The Order was founded in the United States on 4 May 1836, at St. James Church in New York City, near the old Five Points neighbourhood.[16] A branch was formed the same year at Pottsville, Pennsylvania.[17] The existence and activities of the Order were concealed for some years.

During the late 1860s and early 1870s many of the lodges of the order in Pennsylvania were infiltrated by the Molly Maguires. However the Molly Maguires and their criminal activities were condemned at the 1876 national convention of the AOH[18] and the Order was reorganised in the Pennsylvania coal areas.[19]

In 1884 there was a split in the organisation. The Order had previously been governed by the Board of Erin, which had governed the order in Ireland, Great Britain and the United States, but was composed of officers selected by exclusively by the organisations in Ireland and Great Britain. The majority left in 1884 and became the Ancient Order of Hibernians of America, while the small group called itself Ancient Order of Hibernians, Board of Erin. In 1897 the Ancient Order of Hibernians, Board of Erin, had approximately 40,000 members concentrated in New York, New Jersey, Ohio, Illinois and Michigan, while the Ancient Order of Hibernians of America had nearly 125,000 members scattered throughout nearly every state in the union. The two groups reunited in 1898.[20]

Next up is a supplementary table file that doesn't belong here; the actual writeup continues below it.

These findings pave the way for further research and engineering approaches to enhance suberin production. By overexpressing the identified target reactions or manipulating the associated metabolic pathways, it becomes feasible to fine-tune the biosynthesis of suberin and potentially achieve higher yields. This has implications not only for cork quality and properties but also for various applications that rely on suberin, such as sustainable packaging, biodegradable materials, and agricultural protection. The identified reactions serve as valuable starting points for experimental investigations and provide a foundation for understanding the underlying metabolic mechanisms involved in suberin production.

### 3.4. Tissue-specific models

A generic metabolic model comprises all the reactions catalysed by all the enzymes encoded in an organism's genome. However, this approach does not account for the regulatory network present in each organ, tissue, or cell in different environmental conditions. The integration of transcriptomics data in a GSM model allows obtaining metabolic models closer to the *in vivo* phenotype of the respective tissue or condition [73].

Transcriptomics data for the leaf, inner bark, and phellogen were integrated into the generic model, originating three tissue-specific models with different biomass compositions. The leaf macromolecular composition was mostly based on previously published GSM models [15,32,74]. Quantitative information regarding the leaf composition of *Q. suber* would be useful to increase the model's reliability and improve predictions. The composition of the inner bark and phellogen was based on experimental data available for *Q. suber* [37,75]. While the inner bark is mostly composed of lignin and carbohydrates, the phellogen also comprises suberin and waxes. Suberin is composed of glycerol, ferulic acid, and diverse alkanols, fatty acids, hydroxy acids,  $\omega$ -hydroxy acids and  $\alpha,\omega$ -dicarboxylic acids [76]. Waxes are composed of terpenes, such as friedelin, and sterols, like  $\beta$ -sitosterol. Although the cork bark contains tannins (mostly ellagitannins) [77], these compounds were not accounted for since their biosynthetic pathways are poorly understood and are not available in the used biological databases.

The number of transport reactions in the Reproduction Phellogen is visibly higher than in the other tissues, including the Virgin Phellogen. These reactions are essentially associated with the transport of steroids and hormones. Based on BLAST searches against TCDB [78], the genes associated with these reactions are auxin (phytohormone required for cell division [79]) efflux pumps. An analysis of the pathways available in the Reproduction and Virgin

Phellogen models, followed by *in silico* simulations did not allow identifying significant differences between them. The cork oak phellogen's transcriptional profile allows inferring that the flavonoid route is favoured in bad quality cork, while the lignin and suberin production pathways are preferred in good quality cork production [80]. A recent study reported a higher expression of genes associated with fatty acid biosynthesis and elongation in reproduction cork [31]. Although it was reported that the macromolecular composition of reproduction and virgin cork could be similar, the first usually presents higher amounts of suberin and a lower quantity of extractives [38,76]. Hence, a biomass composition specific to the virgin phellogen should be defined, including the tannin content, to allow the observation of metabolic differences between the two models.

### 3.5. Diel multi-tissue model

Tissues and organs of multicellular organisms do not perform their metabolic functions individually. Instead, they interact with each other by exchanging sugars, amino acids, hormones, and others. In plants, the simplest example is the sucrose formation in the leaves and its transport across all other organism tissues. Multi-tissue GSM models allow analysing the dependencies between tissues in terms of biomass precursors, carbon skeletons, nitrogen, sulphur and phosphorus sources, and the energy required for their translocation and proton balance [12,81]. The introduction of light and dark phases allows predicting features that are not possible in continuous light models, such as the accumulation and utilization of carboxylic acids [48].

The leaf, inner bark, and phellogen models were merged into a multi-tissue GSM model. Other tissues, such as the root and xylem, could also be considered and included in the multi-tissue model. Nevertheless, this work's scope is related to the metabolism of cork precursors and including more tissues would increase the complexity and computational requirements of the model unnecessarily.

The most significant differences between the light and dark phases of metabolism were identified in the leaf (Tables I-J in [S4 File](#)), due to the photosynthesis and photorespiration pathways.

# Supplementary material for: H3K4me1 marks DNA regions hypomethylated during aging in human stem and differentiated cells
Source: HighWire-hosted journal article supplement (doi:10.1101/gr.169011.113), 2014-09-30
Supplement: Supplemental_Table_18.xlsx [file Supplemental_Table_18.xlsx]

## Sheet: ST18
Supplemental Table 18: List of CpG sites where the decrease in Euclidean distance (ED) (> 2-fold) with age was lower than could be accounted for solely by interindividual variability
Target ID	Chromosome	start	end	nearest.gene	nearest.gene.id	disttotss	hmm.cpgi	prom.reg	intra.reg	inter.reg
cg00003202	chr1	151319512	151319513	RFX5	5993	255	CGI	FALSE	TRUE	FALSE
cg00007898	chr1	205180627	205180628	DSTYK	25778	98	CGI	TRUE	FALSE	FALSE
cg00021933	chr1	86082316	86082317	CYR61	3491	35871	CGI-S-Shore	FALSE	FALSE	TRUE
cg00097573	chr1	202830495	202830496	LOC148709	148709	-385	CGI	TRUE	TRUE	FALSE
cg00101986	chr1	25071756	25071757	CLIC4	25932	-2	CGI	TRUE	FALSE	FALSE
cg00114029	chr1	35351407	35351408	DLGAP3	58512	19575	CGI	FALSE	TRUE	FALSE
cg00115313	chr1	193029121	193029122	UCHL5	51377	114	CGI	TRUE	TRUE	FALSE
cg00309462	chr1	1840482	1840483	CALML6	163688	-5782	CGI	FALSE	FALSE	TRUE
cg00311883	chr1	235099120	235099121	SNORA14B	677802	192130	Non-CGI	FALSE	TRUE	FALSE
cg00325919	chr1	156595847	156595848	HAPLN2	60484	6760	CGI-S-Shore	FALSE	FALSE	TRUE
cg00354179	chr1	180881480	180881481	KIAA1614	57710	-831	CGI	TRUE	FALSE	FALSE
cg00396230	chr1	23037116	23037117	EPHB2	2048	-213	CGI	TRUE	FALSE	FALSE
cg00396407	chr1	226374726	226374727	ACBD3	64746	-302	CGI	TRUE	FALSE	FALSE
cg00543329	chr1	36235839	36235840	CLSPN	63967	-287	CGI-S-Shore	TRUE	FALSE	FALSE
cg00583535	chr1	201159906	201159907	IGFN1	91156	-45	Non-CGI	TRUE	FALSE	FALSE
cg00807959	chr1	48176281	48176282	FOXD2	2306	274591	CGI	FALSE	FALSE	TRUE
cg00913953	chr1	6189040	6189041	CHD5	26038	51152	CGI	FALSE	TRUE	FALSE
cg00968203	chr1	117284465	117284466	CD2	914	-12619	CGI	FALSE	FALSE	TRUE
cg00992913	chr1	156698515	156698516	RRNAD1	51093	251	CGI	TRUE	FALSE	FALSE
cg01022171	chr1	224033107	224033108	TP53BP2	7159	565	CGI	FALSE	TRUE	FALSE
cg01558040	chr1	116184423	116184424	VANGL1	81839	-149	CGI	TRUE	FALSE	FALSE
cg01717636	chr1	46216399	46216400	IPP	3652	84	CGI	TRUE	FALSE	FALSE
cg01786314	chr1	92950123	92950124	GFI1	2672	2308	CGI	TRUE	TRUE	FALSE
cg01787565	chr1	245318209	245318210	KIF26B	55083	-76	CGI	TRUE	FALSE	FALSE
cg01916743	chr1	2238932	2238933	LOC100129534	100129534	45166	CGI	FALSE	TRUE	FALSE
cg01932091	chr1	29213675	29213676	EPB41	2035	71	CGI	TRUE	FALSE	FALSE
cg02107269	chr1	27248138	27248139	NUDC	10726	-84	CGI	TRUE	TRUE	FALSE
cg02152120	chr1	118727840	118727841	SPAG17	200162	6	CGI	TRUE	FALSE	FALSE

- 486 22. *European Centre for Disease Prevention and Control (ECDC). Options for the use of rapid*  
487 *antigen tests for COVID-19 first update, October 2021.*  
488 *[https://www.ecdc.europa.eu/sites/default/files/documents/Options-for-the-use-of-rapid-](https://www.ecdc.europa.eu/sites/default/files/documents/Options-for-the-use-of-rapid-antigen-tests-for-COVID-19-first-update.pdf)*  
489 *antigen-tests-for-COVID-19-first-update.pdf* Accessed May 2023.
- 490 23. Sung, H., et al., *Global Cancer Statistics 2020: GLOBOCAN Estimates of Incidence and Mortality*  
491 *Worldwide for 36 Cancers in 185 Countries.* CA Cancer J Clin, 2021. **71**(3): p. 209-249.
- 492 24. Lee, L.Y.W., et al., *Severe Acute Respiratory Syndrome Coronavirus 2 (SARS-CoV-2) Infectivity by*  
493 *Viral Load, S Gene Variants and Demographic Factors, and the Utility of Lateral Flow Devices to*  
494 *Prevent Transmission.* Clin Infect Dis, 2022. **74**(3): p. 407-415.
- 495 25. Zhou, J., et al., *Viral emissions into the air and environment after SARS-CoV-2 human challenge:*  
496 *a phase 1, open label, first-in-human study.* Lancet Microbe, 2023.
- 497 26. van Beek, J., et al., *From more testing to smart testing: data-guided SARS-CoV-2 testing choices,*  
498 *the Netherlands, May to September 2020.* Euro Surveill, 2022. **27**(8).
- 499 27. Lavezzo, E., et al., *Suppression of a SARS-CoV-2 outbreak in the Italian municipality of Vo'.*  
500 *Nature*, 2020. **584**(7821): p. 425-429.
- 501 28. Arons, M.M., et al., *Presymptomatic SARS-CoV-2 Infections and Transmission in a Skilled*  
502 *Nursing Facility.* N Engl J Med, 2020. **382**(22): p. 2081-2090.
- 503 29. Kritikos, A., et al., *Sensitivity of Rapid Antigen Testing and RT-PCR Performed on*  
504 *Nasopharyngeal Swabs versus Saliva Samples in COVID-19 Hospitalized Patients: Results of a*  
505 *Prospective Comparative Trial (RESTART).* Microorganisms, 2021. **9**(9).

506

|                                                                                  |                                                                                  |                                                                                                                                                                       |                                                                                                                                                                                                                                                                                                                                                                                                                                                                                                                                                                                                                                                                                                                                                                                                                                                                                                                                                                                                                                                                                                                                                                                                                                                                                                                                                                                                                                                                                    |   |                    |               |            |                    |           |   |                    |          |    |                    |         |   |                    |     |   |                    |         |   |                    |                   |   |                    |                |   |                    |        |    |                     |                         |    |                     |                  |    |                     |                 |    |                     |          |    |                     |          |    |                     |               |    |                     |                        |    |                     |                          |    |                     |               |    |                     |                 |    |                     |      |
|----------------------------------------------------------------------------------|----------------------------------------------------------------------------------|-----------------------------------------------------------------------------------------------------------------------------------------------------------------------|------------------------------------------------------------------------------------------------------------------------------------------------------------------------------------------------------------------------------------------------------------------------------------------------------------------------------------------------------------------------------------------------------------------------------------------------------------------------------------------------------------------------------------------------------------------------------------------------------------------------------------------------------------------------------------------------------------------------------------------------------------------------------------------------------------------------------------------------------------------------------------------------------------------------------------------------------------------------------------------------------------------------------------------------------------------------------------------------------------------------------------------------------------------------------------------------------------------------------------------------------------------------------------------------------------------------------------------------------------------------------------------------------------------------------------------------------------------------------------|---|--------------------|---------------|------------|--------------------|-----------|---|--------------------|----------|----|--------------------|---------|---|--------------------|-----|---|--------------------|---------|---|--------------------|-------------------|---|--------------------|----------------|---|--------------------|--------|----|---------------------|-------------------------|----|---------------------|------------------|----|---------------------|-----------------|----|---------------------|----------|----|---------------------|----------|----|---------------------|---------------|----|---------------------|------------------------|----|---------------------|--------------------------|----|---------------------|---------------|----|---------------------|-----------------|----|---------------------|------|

A female auxiliary, the Daughters of Erin, was formed in 1894, and had 20,000 members in 1897. It was attached to the larger, "American" version of the order.[20]

The AOH had 181,000 members in 1965 and 171,000 in 736 local units of "Divisions" in 1979.[21]